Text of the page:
How come you do not promote in your home state New Jersey?
I promoted a Broadway series for one year in Red Bank at the Count Basie Theatre. NJ PAC opened in Newark a year later with tremendous talent and adverting budget, which made it impossible to compete. I did play several other shows at the Count Basie and Lake Lenape, but there were several other promoters there before me, which made it harder to secure the talent I wanted to work with.
First concert worked
First concert I promoted was Laura Branigan, July 5, 1985, at Wildwood Convention Center in New Jersey.
First industry job
Tropicana Hotel & Casino in Atlantic City. I was the entertainment operations manager in the fall of 1985.
Promoting ELO Pt. II accompanied by The American Pop Symphony at Carnegie Hall in May 1997 to a sold out audience. A special thanks to Carl Freed and Jim McDonald for their help.
My first show was Laura Branigan and after sustaining a substantial loss, I had to figure out fast how to survive in this business
Being able to compete in many markets with other industry leaders and be successful. Now that I've established myself in many markets, I'm able to make multiple-city offers for the same artist. I follow a strict marketing plan that works. Most important are my media partner relationships that have been established over the years.
Best business decision
To remain as an independent promoter and maintain my autonomy in the industry.
Best advice you received
I'd the pleasure of meeting Bill Graham in 1987 when I was a struggling promoter looking to promote concerts in Philadelphia. Bill's best advice was to promote smaller markets and develop a niche in those markets. It took six years for me to move on and establish myself in these secondary markets and to become a successful promoter.
Best advice to offer
Pay attention. When you think it's a good deal, think again. The only bad deal is the deal you make, so go back to the first two statements and review them before making an offer.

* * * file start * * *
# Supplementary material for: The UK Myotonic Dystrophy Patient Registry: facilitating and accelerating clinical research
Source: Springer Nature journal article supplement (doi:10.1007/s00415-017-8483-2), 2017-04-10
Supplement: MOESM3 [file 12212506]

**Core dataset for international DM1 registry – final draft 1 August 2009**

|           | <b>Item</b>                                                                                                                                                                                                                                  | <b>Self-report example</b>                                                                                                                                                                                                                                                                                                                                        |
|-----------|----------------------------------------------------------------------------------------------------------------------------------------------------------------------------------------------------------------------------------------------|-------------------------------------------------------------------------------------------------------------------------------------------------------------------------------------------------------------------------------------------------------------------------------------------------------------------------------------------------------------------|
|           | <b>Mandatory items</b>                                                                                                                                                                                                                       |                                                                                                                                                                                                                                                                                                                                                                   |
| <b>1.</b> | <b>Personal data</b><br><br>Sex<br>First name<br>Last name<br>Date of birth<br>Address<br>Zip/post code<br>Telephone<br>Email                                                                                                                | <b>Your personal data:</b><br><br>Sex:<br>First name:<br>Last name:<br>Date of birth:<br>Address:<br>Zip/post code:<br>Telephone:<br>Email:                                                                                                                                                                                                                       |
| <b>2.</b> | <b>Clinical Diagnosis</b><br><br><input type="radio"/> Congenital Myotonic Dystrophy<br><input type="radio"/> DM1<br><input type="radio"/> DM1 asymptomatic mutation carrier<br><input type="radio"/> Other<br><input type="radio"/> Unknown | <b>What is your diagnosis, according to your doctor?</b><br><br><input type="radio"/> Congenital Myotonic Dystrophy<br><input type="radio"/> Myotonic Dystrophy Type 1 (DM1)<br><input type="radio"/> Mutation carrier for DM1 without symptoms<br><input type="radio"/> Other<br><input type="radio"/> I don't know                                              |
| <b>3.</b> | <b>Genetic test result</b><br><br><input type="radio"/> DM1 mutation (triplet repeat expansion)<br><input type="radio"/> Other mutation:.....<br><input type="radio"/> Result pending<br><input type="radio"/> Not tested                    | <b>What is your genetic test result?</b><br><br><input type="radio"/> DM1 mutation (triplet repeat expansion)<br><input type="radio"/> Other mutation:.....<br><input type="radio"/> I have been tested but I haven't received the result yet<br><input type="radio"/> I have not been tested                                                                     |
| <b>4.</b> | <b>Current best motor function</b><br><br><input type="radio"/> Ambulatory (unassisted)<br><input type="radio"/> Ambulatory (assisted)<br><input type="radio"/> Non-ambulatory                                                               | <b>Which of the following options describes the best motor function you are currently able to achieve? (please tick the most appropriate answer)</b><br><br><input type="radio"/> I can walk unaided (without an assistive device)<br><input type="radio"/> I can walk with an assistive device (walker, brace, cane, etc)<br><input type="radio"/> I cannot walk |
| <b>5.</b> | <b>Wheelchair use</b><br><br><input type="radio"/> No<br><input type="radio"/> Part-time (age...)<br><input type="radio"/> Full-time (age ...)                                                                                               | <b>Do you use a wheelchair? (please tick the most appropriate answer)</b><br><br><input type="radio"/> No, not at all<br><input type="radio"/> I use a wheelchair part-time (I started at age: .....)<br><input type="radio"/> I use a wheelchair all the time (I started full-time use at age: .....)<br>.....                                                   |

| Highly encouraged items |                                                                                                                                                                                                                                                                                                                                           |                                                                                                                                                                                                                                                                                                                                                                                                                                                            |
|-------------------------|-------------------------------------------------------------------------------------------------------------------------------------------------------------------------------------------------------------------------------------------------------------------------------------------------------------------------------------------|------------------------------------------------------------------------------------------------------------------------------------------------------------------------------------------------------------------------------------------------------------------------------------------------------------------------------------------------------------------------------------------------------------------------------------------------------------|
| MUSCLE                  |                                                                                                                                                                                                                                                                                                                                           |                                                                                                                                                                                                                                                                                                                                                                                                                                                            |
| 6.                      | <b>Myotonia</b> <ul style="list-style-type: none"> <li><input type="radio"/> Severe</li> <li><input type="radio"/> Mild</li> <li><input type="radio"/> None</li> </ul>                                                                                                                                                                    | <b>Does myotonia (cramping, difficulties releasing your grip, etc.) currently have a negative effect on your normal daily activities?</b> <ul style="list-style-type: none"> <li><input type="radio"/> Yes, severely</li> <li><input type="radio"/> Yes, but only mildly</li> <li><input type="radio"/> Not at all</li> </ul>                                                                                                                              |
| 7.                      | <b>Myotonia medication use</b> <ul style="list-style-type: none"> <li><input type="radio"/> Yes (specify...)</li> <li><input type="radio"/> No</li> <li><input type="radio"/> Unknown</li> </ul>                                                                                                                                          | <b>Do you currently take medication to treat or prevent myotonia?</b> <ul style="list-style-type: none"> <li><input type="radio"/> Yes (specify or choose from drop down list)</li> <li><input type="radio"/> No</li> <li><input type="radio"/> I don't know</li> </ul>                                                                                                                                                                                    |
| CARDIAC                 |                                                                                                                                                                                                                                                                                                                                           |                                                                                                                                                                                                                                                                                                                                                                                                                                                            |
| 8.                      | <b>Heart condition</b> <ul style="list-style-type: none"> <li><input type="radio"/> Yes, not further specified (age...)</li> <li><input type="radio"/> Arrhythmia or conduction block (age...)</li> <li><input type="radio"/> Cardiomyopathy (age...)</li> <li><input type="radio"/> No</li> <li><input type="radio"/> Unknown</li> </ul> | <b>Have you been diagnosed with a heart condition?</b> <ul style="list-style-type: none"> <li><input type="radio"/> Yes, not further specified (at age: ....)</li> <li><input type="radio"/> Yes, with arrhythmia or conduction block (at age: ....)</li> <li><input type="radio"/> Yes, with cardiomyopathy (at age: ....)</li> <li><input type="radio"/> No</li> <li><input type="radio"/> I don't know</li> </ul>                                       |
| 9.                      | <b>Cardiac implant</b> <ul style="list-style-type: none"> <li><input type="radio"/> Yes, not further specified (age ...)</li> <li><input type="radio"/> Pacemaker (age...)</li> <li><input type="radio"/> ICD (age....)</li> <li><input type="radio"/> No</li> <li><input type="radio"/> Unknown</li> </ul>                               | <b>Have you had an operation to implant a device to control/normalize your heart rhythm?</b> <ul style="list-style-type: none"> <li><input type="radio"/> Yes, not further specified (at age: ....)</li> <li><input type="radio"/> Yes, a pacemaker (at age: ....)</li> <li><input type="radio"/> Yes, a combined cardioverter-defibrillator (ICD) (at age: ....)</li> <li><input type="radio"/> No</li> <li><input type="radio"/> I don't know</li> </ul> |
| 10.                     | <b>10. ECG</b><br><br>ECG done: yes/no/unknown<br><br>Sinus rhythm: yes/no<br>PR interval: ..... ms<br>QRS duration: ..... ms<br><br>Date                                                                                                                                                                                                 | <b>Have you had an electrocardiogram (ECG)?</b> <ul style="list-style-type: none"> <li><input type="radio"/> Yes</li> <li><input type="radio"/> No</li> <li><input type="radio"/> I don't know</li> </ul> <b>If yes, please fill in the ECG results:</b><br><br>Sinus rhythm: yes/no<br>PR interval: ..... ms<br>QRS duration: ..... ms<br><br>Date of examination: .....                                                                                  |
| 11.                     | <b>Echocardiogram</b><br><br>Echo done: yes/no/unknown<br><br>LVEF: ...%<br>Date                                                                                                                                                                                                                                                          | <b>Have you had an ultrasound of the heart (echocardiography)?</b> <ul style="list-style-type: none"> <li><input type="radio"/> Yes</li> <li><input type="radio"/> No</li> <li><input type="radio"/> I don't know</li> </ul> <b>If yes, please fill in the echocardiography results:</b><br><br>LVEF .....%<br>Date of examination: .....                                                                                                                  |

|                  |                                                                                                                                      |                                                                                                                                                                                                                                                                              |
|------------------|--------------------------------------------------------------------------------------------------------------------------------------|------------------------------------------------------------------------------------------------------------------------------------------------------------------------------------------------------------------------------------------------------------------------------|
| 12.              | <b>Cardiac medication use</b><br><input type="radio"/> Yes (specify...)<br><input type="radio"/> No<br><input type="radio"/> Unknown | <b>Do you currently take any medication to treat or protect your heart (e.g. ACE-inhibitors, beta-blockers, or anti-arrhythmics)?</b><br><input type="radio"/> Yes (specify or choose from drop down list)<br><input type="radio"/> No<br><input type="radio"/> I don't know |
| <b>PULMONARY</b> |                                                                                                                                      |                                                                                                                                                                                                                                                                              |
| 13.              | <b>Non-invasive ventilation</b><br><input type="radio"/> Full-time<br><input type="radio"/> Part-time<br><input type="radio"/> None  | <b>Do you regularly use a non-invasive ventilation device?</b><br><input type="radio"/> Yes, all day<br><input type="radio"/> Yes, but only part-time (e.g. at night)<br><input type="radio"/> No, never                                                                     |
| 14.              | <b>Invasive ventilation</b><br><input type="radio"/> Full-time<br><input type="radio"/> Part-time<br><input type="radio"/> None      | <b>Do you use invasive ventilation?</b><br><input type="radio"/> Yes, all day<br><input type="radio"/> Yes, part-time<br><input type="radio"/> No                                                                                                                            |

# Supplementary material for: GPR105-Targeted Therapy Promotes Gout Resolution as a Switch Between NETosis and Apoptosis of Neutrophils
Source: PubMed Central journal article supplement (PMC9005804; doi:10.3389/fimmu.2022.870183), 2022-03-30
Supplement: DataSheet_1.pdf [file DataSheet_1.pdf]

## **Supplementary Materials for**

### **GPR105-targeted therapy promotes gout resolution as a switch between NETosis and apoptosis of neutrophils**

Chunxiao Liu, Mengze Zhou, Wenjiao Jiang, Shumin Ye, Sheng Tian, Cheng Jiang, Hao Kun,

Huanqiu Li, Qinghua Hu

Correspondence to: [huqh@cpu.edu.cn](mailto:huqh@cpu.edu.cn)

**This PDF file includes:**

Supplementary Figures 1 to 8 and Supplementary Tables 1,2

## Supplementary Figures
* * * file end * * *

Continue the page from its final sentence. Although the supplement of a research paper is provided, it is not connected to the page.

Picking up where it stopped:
Most memorable industry experiences
The first time I worked with Bill Cosby in Toledo, Ohio, and I didn't know what to expect. I was told that Bill liked eating Tony Packo's hotdogs, which was located in downtown Toledo. I called Tony up and asked him to set up a picnic table in the dressing room with all the hotdogs and toppings. It was also during football season so I rented a 50-inch flat screen so Bill could see the games. In between performances Bill and I ate hotdogs and watched football together like some old buds. We shared many laughs that day and that was the start of many shows to come.
What friends would be surprised to learn about you
When I was eight years old growing up in Queens, N.Y. There was a group of us that had big dreams in music especially when the Beatles hit America. We became the Fab Four and lip sank to Beatles songs in my friend Danny's garage. Danny's nickname was Cheaty, so we decided to call his three-car garage Cheaty's Lounge. We advertised to the neighborhood, and on Saturday afternoons we became the Beatles for a 5-cent admission. I've to tell you we drew 20-30 people every show.
Thirty years later, through a funeral my sister attended, she placed me back in contact with that same group of guys. We all met back in our old stomping grounds and talked about old times. They were amazed that I'd made it in the music business working with big name entertainers and living the dreams from our childhood. Now I'm 53, and I won't give it up for anything.
If I wasn't doing this, I would be...
…fishing and enjoying my seven grandchildren.
Bill Graham, John Scher, and my close friend, Carl Freed.
John can be reached at: (856) 773-1054; e-mail: firstname.lastname@example.org